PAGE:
Village in Canada mobilizes for ferry rescue

In fishing and speed boats, the people of this small Indian village headed into the stormy waters off British Columbia 's north coast to help rescue 101 passengers and crew from a large British Columbia ferry that hit a rock and sank.

By late Wednesday night, 99 passengers and crew were accounted for, but B.C. Ferries was unable to locate two passengers, a man and woman. George Foisy of Terrace, British Columbia , told Canadian Press news agency that his brother Gerald Foisy and Gerald's common-law wife, Shirley Rosette, remained unaccounted for.

Ferry officials insist everyone got off the ship and speculate the couple returned to Prince Rupert from Hartley Bay on their own, although the village is inaccessible except by air and boat. Ferry officials handed the matter over to police as a missing persons case.

David Hahn, the president of B.C. Ferries, called the orderly rescue from the ferry's lifeboats, and the fact that no one was seriously hurt in the early Wednesday morning incident, miraculous.

"Anytime you have a major incident and you have no one hurt or killed in this type of thing, I think you always think it's a miracle," Hahn said.

Canadian coast guard spokesman Dan Bate said the southbound Queen of the North struck a rock without warning at 12:26 a.m. PST off Gil Island in Wright Sound, about 20 miles (32 kilometers) south of Hartley Bay. The area is about 80 miles (129 kilometers) south of Prince Rupert and about 580 miles (933 kilometers) northwest of Seattle.

Passengers and crew aboard the 409-foot (123-meter) ship began boarding life rafts less than half an hour later, then were taken aboard local boats and the Canadian icebreaker Sir Wilfred Laurier with no reports of significant injury or other physical distress, Bate said.

Weather at the time was reported to be 45 mph (72 kph) winds with choppy seas.

The ferry, part of the province's extensive marine transport service, had left Prince Rupert at 8 p.m. PST (0400 GMT) for the overnight run to Port Hardy at the northern tip of Vancouver Island.,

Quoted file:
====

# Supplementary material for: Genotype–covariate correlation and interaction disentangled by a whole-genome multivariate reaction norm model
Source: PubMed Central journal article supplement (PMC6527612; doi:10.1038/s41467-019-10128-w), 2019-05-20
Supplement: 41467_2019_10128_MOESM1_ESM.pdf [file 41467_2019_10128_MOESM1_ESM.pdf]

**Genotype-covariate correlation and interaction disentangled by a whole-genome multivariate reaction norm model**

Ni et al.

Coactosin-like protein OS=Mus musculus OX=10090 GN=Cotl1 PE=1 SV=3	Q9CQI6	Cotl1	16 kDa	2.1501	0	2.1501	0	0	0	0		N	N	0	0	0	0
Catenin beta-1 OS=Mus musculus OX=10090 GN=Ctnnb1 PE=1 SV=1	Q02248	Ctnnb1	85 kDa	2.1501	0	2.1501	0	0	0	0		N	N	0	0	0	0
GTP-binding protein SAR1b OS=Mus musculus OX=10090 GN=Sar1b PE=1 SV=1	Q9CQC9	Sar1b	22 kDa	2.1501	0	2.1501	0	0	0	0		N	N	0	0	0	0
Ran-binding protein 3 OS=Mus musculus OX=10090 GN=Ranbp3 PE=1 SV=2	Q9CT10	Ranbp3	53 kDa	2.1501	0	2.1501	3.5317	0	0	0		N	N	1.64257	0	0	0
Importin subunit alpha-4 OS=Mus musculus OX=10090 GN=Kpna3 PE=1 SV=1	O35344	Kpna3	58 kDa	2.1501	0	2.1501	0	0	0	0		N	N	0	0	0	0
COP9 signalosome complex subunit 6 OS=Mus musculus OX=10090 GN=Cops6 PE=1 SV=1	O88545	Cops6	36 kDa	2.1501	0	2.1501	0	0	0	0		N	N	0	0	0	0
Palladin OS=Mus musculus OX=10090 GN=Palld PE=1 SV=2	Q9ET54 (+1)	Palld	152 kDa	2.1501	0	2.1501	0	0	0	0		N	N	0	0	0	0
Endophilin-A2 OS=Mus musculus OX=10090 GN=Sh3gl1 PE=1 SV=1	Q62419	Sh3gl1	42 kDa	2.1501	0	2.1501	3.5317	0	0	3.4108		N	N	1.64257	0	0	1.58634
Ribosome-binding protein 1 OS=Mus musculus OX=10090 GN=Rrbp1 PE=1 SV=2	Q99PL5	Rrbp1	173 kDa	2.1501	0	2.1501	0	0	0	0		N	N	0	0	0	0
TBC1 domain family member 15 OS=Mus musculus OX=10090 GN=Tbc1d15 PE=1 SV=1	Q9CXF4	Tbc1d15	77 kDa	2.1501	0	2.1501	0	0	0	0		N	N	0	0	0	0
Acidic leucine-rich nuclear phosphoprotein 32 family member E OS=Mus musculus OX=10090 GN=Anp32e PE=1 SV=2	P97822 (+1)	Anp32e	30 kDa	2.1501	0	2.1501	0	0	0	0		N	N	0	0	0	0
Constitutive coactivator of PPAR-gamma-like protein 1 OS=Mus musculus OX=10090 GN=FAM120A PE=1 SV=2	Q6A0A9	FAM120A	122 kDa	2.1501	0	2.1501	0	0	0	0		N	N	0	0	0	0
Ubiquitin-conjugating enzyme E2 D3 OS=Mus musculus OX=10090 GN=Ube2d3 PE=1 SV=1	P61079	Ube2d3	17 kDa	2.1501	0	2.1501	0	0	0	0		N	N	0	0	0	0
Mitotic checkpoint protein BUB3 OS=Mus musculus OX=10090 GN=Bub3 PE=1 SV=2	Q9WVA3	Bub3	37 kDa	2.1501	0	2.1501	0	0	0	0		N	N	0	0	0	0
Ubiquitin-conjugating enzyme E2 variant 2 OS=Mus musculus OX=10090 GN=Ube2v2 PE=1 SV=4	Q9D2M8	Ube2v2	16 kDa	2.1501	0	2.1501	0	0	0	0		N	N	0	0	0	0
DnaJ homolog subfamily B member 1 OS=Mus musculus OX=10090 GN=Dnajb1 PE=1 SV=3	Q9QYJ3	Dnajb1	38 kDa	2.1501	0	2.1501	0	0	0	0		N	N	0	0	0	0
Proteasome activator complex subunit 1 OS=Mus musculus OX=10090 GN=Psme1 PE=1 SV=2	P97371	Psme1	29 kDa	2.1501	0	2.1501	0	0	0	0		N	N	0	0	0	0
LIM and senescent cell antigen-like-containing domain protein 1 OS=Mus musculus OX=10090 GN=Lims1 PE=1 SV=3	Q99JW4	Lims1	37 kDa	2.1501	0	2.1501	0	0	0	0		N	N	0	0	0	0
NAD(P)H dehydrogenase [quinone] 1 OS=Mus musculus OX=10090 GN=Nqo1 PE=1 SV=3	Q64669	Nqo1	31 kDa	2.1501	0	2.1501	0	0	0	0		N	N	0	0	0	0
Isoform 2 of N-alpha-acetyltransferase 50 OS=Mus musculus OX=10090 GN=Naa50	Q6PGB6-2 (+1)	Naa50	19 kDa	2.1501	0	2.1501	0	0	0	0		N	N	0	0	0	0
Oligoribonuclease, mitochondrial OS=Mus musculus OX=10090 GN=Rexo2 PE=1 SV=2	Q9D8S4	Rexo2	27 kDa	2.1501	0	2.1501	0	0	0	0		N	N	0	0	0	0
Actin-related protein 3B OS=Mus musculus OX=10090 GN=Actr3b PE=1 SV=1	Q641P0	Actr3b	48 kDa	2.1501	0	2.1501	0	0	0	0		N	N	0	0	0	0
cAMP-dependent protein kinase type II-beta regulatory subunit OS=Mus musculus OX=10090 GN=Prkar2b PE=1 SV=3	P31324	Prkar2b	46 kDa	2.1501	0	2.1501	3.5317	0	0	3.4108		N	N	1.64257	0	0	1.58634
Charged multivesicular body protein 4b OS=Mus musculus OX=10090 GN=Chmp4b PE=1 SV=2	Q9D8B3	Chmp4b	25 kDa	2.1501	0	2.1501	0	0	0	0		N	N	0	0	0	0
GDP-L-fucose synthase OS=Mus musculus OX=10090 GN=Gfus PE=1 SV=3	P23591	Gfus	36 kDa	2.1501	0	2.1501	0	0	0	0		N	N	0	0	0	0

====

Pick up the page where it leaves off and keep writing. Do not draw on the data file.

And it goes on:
One passenger told Canadian Press she at first thought she was in the middle of a drill.

"And then when they said to go to the other side of the boat, we knew it was real," said Jill Lawrence. "But it was very calm. Everyone seemed very calm and the crew did an awesome job to get us off."

"We heard a crashing noise and the ship went to one side," passenger Lawrence Papineau said. "Then it was a louder crash ... and then everybody realized what was happening and the sirens went off.

"Within an hour, the ship actually tilted to the side, leveled out and it sunk down to the sixth deck, came back up like the Titanic, dipped and then it went under."

Some ferry passengers with minor injuries were flown by helicopter from Hartley Bay to Prince Rupert, said Hartley Bay resident Wally Bolton, who was helping the rescued at the cultural center. He said he was aware of one person with a head injury.

Ernie Westgarth, housing coordinator for Hartley Bay, said, everybody in the village took part in the rescue, "from small children to the elders, including some elders that couldn't even walk."

Betsy Reece, whose husband helped with the rescue efforts, said everyone not out on the water was helping keep people warm and fed at the cultural center, where she works as a social worker. After gathering blankets and extra clothes and baking a spice cake, Reece headed to the center in time to feed people and hear their stories.

"I'm just totally amazed at how our small community banded together to assist people in need," she said, reports the AP.


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